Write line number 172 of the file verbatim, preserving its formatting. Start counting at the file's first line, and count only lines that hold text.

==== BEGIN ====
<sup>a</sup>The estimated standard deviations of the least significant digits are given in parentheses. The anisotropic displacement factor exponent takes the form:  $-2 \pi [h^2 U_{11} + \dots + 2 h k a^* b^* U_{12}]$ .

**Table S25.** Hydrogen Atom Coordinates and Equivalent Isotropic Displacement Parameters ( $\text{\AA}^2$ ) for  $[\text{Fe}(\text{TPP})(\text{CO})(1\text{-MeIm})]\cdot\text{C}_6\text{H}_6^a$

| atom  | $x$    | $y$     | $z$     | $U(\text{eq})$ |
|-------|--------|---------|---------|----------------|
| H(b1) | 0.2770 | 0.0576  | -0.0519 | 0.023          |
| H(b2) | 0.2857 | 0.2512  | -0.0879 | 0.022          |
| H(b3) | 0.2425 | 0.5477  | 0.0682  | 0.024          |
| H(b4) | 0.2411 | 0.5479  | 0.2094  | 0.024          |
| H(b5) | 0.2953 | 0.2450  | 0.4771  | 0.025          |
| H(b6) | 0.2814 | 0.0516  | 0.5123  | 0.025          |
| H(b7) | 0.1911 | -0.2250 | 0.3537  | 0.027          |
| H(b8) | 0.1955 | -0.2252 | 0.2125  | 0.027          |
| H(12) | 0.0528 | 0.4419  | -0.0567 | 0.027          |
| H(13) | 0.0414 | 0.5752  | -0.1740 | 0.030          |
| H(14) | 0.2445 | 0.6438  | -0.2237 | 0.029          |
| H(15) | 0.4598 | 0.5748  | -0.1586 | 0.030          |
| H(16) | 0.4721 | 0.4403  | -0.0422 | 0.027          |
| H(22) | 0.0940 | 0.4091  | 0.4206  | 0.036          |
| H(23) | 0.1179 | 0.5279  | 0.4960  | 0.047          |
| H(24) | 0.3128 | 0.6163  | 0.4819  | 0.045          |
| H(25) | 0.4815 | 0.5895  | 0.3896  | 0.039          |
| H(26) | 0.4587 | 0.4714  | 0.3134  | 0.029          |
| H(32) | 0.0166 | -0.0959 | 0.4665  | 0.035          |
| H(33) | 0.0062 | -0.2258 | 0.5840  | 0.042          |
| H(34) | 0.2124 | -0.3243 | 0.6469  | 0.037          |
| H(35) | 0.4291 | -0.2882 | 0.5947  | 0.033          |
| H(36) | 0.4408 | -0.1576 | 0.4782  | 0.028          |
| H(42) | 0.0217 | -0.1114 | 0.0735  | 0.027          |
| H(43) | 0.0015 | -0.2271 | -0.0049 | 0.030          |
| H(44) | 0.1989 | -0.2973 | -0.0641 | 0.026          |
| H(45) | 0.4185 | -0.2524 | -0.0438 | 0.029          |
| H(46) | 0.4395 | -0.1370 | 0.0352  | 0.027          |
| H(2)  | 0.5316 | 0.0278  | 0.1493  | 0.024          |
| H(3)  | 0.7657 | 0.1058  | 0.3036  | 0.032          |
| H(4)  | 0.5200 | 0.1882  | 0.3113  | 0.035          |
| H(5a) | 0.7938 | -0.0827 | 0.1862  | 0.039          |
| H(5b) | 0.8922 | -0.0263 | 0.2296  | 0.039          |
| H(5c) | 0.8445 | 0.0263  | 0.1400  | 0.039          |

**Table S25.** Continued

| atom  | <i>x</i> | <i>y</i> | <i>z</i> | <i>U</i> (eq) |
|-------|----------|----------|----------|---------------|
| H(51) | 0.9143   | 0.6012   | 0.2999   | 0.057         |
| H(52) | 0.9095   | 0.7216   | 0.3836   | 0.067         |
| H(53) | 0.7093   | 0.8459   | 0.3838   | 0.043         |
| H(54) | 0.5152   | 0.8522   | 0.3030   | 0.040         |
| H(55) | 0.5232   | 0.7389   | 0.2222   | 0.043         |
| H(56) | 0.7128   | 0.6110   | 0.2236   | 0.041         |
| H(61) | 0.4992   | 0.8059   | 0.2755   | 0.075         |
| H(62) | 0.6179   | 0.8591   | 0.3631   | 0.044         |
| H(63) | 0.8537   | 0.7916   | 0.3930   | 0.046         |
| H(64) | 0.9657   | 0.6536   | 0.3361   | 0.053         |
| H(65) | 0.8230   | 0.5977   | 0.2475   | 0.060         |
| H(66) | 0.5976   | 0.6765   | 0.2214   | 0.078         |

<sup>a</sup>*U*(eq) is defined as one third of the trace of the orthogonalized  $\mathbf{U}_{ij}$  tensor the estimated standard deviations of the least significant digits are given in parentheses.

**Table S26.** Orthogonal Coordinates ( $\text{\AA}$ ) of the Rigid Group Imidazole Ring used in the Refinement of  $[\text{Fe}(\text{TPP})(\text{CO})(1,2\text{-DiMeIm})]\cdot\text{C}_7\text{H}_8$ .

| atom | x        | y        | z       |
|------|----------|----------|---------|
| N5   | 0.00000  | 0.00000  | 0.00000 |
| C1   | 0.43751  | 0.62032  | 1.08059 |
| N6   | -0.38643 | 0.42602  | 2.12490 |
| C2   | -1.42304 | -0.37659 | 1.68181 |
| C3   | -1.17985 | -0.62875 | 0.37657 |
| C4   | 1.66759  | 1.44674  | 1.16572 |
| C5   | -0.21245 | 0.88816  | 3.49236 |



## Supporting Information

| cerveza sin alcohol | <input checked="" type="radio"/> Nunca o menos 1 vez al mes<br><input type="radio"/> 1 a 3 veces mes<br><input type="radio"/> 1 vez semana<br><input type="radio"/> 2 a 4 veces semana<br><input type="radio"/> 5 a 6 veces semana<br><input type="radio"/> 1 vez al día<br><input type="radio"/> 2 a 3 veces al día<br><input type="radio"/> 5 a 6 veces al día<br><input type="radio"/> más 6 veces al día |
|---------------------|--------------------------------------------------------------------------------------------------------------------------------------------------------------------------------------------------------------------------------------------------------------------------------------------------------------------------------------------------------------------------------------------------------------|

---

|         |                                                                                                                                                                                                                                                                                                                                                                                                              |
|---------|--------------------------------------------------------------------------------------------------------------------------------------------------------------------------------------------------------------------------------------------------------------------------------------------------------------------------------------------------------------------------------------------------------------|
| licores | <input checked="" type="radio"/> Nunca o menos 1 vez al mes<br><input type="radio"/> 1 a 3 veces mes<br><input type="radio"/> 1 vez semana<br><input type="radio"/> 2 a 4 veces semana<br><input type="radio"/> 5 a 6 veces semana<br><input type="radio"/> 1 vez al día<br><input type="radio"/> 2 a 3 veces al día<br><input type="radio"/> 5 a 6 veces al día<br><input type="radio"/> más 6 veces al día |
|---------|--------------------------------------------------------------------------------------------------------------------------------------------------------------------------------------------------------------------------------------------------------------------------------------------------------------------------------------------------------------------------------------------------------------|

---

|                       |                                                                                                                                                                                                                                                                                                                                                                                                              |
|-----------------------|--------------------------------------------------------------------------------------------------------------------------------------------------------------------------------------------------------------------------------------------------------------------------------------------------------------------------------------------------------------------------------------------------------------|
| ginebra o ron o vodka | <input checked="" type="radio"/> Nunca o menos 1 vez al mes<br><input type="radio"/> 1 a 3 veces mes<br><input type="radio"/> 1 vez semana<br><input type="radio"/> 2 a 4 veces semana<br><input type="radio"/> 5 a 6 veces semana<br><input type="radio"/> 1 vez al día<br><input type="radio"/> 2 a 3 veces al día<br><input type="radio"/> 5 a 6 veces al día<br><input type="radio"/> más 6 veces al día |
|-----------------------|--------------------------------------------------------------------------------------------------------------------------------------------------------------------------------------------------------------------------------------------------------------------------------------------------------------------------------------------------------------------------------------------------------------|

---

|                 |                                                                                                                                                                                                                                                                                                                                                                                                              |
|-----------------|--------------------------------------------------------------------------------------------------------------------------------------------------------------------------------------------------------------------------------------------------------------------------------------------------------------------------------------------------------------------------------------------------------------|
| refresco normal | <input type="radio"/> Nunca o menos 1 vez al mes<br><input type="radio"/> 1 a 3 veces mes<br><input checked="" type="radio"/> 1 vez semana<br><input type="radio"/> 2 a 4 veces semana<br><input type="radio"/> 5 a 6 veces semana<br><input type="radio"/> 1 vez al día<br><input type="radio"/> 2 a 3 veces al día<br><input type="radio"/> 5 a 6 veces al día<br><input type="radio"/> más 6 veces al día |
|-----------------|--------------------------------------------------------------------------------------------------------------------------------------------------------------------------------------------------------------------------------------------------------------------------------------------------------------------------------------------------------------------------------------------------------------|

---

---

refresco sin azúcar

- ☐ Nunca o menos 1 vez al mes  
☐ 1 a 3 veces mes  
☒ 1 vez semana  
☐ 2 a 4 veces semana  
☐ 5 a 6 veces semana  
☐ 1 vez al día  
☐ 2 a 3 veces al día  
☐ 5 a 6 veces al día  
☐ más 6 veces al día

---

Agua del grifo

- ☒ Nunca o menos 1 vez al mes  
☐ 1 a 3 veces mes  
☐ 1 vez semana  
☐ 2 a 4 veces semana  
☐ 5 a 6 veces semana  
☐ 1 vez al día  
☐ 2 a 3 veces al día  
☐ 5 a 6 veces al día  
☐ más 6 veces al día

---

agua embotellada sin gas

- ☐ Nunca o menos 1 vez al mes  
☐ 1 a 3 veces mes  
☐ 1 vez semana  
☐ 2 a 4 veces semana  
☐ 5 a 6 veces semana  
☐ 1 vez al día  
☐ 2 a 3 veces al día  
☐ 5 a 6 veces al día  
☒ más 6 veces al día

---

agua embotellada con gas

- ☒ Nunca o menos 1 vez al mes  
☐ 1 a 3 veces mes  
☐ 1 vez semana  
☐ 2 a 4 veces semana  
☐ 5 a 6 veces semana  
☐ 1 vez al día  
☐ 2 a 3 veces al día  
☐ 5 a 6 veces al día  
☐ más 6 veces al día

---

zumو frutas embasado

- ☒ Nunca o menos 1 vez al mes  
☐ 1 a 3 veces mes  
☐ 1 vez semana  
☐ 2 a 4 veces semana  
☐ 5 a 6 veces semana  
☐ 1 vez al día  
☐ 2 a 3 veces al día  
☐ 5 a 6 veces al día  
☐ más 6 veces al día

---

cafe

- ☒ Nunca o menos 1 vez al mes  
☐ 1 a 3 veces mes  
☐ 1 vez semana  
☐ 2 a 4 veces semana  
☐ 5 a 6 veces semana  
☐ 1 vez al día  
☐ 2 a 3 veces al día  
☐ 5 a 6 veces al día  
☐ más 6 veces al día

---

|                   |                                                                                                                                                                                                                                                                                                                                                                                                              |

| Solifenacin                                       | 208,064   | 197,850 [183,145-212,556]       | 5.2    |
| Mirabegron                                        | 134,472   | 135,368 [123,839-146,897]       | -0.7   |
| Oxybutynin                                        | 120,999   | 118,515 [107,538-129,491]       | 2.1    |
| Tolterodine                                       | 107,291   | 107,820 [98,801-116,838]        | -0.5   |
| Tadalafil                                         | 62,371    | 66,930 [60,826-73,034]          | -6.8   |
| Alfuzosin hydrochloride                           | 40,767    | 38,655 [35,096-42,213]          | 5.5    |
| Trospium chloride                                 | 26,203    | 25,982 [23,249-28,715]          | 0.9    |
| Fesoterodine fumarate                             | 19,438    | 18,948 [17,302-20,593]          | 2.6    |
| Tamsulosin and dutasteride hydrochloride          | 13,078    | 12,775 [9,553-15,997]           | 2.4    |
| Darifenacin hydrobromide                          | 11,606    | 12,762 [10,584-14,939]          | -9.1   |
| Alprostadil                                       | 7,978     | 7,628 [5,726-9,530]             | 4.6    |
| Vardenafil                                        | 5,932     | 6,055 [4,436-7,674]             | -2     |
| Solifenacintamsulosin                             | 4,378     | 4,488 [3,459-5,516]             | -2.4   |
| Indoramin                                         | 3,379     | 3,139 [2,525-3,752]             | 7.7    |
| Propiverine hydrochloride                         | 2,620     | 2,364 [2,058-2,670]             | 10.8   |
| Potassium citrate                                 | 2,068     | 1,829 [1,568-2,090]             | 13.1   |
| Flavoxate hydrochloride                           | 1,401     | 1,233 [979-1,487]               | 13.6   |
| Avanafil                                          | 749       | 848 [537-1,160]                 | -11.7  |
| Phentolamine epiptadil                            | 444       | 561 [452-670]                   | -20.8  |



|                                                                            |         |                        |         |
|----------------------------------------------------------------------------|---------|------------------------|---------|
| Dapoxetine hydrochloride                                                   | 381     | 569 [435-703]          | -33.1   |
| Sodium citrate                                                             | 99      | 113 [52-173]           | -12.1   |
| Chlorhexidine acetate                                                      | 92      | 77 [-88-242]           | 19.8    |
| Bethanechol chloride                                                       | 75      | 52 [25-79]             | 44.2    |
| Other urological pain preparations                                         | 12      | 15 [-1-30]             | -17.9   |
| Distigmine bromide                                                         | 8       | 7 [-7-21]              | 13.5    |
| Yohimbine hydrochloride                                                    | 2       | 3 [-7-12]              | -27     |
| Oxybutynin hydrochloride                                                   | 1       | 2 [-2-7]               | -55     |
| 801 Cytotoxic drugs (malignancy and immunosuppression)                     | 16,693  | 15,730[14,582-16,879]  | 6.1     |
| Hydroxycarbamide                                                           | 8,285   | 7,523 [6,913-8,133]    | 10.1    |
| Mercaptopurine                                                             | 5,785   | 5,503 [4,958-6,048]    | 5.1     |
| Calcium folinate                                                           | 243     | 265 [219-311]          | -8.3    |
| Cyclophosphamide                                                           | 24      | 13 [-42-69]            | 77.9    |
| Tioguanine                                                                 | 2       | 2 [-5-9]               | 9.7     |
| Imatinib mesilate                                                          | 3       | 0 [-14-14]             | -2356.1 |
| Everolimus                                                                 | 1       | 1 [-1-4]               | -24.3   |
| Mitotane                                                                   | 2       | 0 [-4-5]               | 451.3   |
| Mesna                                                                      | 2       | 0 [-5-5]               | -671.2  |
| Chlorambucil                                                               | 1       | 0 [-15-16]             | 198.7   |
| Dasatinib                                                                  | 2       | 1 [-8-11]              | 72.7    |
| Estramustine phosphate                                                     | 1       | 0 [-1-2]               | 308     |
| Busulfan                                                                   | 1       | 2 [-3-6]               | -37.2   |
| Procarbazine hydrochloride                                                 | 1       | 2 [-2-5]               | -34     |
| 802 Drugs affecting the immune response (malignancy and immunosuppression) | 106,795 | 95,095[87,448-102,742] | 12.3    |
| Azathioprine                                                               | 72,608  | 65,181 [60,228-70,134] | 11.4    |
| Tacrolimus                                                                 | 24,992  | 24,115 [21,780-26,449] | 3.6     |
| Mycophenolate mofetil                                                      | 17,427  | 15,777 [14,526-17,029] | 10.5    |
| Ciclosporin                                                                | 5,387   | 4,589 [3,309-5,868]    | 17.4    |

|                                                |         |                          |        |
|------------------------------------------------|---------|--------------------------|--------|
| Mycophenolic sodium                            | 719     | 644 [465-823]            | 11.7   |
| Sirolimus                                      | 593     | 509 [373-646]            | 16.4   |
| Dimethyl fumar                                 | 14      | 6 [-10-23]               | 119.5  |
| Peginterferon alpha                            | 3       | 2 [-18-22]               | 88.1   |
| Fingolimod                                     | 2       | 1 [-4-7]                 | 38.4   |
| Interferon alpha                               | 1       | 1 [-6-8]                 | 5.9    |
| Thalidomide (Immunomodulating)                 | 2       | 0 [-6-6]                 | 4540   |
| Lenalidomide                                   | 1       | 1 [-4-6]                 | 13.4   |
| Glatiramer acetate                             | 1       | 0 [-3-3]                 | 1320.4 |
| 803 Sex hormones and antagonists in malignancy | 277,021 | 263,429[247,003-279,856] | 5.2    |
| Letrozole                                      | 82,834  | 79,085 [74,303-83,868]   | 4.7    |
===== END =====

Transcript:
|----------------------------------------------------------------------------|---------|------------------------|---------|